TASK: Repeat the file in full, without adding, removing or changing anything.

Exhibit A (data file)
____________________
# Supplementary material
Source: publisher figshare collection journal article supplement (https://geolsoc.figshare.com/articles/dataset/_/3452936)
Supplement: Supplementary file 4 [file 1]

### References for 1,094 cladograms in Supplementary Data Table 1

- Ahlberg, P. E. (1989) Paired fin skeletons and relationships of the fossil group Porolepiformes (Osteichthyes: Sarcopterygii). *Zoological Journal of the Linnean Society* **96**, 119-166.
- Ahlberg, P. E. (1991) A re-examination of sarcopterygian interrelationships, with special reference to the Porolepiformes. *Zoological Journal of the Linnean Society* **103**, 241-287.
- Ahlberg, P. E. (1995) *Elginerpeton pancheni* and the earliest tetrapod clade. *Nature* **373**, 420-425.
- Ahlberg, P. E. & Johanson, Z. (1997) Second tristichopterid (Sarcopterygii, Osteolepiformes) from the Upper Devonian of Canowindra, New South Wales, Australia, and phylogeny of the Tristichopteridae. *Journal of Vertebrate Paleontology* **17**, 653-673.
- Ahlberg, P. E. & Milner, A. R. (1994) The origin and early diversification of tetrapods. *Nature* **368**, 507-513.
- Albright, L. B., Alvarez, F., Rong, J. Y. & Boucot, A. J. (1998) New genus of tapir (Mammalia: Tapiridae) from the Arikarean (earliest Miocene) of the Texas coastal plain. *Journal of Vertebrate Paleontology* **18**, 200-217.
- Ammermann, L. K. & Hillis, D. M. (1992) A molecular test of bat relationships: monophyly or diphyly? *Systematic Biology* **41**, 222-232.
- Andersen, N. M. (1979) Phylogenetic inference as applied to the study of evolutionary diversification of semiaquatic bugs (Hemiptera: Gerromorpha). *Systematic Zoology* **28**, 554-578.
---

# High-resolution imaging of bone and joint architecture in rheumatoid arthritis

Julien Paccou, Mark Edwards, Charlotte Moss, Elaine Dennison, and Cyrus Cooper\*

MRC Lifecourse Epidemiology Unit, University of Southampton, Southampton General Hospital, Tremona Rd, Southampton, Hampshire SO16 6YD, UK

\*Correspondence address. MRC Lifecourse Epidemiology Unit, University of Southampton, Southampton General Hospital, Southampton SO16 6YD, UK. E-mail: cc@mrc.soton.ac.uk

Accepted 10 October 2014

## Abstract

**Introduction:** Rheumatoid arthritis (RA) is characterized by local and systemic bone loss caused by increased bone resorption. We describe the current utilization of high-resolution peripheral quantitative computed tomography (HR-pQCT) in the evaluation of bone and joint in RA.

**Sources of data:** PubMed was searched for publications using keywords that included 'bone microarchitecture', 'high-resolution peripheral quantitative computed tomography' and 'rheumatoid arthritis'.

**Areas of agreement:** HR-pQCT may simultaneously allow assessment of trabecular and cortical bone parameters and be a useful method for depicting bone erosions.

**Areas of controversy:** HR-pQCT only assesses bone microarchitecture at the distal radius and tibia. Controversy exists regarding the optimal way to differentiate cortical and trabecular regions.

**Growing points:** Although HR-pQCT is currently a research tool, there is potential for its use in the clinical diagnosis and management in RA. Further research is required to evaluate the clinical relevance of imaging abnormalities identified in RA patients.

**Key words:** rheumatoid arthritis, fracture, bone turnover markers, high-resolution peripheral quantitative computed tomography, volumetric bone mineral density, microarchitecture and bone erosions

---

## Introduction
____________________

# Supplementary material
Source: publisher figshare collection journal article supplement (https://geolsoc.figshare.com/articles/dataset/_/3452936)
Supplement: Supplementary file 4 [file 1]

### References for 1,094 cladograms in Supplementary Data Table 1

- Ahlberg, P. E. (1989) Paired fin skeletons and relationships of the fossil group Porolepiformes (Osteichthyes: Sarcopterygii). *Zoological Journal of the Linnean Society* **96**, 119-166.
- Ahlberg, P. E. (1991) A re-examination of sarcopterygian interrelationships, with special reference to the Porolepiformes. *Zoological Journal of the Linnean Society* **103**, 241-287.
- Ahlberg, P. E. (1995) *Elginerpeton pancheni* and the earliest tetrapod clade. *Nature* **373**, 420-425.
- Ahlberg, P. E. & Johanson, Z. (1997) Second tristichopterid (Sarcopterygii, Osteolepiformes) from the Upper Devonian of Canowindra, New South Wales, Australia, and phylogeny of the Tristichopteridae. *Journal of Vertebrate Paleontology* **17**, 653-673.
- Ahlberg, P. E. & Milner, A. R. (1994) The origin and early diversification of tetrapods. *Nature* **368**, 507-513.
- Albright, L. B., Alvarez, F., Rong, J. Y. & Boucot, A. J. (1998) New genus of tapir (Mammalia: Tapiridae) from the Arikarean (earliest Miocene) of the Texas coastal plain. *Journal of Vertebrate Paleontology* **18**, 200-217.
- Ammermann, L. K. & Hillis, D. M. (1992) A molecular test of bat relationships: monophyly or diphyly? *Systematic Biology* **41**, 222-232.
- Andersen, N. M. (1979) Phylogenetic inference as applied to the study of evolutionary diversification of semiaquatic bugs (Hemiptera: Gerromorpha). *Systematic Zoology* **28**, 554-578.
---

# High-resolution imaging of bone and joint architecture in rheumatoid arthritis

Julien Paccou, Mark Edwards, Charlotte Moss, Elaine Dennison, and Cyrus Cooper\*

MRC Lifecourse Epidemiology Unit, University of Southampton, Southampton General Hospital, Tremona Rd, Southampton, Hampshire SO16 6YD, UK

\*Correspondence address. MRC Lifecourse Epidemiology Unit, University of Southampton, Southampton General Hospital, Southampton SO16 6YD, UK. E-mail: cc@mrc.soton.ac.uk

Accepted 10 October 2014

## Abstract

**Introduction:** Rheumatoid arthritis (RA) is characterized by local and systemic bone loss caused by increased bone resorption. We describe the current utilization of high-resolution peripheral quantitative computed tomography (HR-pQCT) in the evaluation of bone and joint in RA.

**Sources of data:** PubMed was searched for publications using keywords that included 'bone microarchitecture', 'high-resolution peripheral quantitative computed tomography' and 'rheumatoid arthritis'.

**Areas of agreement:** HR-pQCT may simultaneously allow assessment of trabecular and cortical bone parameters and be a useful method for depicting bone erosions.

**Areas of controversy:** HR-pQCT only assesses bone microarchitecture at the distal radius and tibia. Controversy exists regarding the optimal way to differentiate cortical and trabecular regions.

**Growing points:** Although HR-pQCT is currently a research tool, there is potential for its use in the clinical diagnosis and management in RA. Further research is required to evaluate the clinical relevance of imaging abnormalities identified in RA patients.

**Key words:** rheumatoid arthritis, fracture, bone turnover markers, high-resolution peripheral quantitative computed tomography, volumetric bone mineral density, microarchitecture and bone erosions

---

## Introduction